Dr. Tegnell told The Globe and Mail last month that while he didn’t set out with a herd-immunity strategy, the number of people infected by COVID-19 in Stockholm was approaching levels that would have the same effect. However, a recent study showed that just 7.3 per cent of the city’s population had been infected by the coronavirus, a figure far lower than public-health officials expected.

Paul Franks, an epidemiologist at Lund University in Malmo, Sweden, said Wednesday that Dr. Tegnell’s strategy made sense at first, but has become too rigid given how much more is known about the virus. “There hasn’t been a willingness to change direction based on credible data,” Dr. Franks said.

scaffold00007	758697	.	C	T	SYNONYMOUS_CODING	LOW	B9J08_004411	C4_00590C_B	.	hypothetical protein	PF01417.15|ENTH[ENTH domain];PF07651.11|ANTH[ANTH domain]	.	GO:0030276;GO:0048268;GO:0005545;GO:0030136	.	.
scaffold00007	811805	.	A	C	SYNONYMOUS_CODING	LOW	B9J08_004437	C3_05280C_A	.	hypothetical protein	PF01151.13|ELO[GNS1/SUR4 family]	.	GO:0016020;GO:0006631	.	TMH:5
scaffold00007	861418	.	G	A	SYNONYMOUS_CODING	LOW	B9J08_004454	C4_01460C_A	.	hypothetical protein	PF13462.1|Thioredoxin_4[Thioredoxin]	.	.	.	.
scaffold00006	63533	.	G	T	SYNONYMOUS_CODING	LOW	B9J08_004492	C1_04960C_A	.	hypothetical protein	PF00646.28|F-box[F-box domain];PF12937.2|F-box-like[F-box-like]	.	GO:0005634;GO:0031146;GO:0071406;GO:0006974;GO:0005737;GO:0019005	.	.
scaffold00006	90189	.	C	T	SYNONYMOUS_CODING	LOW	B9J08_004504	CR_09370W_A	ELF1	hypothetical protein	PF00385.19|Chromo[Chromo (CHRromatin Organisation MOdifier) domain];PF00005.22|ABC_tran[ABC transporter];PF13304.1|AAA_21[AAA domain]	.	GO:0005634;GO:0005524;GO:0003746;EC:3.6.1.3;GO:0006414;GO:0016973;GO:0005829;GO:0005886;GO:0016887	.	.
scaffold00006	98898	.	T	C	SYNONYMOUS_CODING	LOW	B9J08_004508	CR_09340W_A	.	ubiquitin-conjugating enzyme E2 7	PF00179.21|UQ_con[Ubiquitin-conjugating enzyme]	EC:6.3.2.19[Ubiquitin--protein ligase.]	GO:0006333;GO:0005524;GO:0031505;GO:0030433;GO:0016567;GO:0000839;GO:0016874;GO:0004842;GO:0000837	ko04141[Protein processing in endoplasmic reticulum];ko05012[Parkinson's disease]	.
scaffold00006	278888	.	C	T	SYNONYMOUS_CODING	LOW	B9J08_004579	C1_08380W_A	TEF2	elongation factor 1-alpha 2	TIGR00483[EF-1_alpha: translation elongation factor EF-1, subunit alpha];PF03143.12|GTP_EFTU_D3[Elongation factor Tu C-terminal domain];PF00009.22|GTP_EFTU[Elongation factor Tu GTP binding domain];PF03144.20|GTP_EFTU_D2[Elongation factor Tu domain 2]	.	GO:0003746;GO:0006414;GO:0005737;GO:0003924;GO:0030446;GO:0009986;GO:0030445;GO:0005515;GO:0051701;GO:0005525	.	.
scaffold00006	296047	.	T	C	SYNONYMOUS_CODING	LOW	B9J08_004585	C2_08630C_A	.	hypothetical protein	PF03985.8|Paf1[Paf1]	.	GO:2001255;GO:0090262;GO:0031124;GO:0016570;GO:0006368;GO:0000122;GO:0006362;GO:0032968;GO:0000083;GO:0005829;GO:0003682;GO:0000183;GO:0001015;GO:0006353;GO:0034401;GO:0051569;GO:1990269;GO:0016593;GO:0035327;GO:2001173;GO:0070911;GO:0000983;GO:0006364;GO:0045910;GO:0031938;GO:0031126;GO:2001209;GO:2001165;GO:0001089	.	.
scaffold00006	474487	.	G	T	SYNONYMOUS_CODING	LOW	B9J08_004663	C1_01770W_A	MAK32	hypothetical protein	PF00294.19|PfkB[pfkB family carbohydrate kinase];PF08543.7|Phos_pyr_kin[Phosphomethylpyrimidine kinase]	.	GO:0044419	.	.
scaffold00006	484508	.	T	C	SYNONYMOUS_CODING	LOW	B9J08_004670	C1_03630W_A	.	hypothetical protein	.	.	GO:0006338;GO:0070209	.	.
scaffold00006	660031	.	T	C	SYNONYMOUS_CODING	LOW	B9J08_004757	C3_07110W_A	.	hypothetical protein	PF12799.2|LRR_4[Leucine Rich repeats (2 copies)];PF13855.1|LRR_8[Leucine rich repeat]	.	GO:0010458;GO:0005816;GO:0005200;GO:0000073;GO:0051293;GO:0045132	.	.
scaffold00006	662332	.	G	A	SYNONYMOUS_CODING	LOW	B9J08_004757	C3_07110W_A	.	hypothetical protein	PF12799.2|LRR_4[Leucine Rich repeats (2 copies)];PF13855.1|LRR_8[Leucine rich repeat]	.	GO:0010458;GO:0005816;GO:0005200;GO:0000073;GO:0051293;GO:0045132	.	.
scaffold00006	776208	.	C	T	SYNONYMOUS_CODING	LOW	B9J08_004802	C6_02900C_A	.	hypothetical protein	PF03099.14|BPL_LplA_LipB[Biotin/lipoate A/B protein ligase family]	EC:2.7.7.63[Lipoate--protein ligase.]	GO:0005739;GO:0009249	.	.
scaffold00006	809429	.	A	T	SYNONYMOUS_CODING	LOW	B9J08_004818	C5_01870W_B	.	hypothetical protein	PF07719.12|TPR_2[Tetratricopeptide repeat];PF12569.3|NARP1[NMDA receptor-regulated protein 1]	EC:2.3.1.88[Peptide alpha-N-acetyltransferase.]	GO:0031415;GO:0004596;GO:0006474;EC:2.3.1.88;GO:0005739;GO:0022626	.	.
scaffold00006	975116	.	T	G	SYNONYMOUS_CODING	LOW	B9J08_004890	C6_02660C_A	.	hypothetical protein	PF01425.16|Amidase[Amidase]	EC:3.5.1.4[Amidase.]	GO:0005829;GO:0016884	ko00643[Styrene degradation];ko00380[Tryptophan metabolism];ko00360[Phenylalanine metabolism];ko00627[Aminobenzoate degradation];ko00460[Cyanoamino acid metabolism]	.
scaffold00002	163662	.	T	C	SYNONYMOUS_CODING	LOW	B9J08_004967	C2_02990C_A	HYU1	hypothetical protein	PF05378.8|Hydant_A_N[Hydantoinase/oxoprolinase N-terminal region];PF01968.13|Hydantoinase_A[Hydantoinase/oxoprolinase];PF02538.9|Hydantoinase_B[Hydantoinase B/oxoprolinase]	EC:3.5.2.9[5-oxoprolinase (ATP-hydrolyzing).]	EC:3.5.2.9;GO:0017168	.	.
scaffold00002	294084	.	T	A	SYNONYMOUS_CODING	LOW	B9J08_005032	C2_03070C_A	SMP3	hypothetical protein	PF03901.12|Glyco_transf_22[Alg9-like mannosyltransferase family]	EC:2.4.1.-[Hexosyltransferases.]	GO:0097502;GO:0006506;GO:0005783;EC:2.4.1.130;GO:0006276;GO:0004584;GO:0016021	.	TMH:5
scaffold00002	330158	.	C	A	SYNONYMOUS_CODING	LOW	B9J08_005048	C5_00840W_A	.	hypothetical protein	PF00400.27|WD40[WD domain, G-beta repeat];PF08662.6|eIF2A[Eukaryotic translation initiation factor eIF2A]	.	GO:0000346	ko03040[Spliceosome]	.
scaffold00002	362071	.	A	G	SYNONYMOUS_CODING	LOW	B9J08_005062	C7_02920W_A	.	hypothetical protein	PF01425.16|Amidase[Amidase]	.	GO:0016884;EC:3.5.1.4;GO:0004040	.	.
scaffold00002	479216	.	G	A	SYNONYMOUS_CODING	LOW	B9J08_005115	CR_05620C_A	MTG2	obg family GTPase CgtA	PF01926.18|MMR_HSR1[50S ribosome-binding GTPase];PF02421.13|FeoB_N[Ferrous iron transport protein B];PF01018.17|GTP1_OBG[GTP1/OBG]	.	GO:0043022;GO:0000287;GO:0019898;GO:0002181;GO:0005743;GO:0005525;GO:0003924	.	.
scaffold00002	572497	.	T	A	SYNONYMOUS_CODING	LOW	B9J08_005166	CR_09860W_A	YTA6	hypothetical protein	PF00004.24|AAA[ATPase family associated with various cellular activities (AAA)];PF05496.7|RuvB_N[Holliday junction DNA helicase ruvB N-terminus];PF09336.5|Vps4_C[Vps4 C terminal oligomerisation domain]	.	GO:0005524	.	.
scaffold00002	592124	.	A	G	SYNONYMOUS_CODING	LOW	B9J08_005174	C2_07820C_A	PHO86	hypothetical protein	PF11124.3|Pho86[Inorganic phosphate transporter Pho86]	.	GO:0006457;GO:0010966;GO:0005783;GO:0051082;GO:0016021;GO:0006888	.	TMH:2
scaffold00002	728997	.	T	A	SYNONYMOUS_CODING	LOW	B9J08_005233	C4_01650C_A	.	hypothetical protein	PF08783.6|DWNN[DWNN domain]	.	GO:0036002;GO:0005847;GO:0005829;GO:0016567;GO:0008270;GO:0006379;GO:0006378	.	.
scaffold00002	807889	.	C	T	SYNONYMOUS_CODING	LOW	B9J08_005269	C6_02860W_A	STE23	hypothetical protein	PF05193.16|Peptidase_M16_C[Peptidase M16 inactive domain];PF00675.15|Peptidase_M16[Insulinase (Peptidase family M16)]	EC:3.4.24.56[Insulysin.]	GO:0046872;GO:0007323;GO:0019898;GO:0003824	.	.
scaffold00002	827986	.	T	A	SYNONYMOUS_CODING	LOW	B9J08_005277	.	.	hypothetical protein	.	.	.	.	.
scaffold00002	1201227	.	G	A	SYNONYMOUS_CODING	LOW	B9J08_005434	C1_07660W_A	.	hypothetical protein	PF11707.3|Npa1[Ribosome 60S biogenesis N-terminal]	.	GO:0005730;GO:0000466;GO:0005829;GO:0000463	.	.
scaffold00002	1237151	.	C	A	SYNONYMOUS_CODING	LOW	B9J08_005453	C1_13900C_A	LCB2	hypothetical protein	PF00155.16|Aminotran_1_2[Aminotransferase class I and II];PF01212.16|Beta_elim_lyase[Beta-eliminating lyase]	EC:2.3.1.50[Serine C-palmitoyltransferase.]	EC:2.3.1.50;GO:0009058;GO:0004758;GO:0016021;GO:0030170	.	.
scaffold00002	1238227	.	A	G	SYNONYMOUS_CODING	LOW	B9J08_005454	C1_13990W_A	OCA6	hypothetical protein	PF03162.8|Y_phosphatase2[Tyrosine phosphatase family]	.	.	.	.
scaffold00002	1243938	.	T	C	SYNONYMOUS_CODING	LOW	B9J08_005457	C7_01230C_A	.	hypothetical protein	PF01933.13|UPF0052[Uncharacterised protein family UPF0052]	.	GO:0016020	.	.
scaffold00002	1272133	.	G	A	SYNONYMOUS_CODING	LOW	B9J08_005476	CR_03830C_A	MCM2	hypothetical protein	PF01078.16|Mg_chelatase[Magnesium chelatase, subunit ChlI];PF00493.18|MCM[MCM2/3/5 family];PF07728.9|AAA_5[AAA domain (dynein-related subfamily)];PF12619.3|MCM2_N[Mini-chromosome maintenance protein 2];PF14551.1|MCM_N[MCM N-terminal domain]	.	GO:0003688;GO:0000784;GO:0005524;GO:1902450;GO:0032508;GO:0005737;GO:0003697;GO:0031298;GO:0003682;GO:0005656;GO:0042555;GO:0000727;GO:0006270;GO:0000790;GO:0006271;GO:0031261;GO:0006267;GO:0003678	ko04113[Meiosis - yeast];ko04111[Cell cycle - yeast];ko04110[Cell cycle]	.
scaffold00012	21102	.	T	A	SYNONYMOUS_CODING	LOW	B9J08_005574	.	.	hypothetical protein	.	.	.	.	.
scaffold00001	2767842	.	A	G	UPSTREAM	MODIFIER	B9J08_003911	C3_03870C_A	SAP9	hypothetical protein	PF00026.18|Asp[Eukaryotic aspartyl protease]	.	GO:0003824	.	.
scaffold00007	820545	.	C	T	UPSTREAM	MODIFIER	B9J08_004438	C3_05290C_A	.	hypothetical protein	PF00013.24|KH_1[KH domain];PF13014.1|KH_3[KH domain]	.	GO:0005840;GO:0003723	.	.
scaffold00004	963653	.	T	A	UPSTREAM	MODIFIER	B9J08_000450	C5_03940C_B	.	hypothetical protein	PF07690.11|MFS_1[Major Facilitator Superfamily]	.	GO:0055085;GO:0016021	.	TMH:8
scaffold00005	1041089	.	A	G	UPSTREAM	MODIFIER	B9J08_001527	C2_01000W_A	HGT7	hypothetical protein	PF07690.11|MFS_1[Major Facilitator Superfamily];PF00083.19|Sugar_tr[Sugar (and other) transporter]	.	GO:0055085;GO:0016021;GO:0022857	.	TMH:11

Dr. Tegnell insisted on Wednesday that he stood by his overall approach and that strict lockdowns were not sustainable. “We basically still think that this is the right strategy for Sweden,” he said. “This is a bit like having an ocean liner and trying to steer it with a lag of three or four weeks. I think we are too early to both say that Sweden was right or anybody else was right.”

Scott Gottlieb says we will be better prepared for a second wave of COVID-19 in the fall, but a spike in new cases may also arrive at a time when other seasonal illness circulate. The head of the U.S. Food and Drug Administration between 2017 and 2019 adds that Sweden leads Europe in coronavirus deaths despite attempts at herd immunity. The Globe and Mail

Sign up for the Coronavirus Update newsletter to read the day’s essential coronavirus news, features and explainers written by Globe reporters and editors.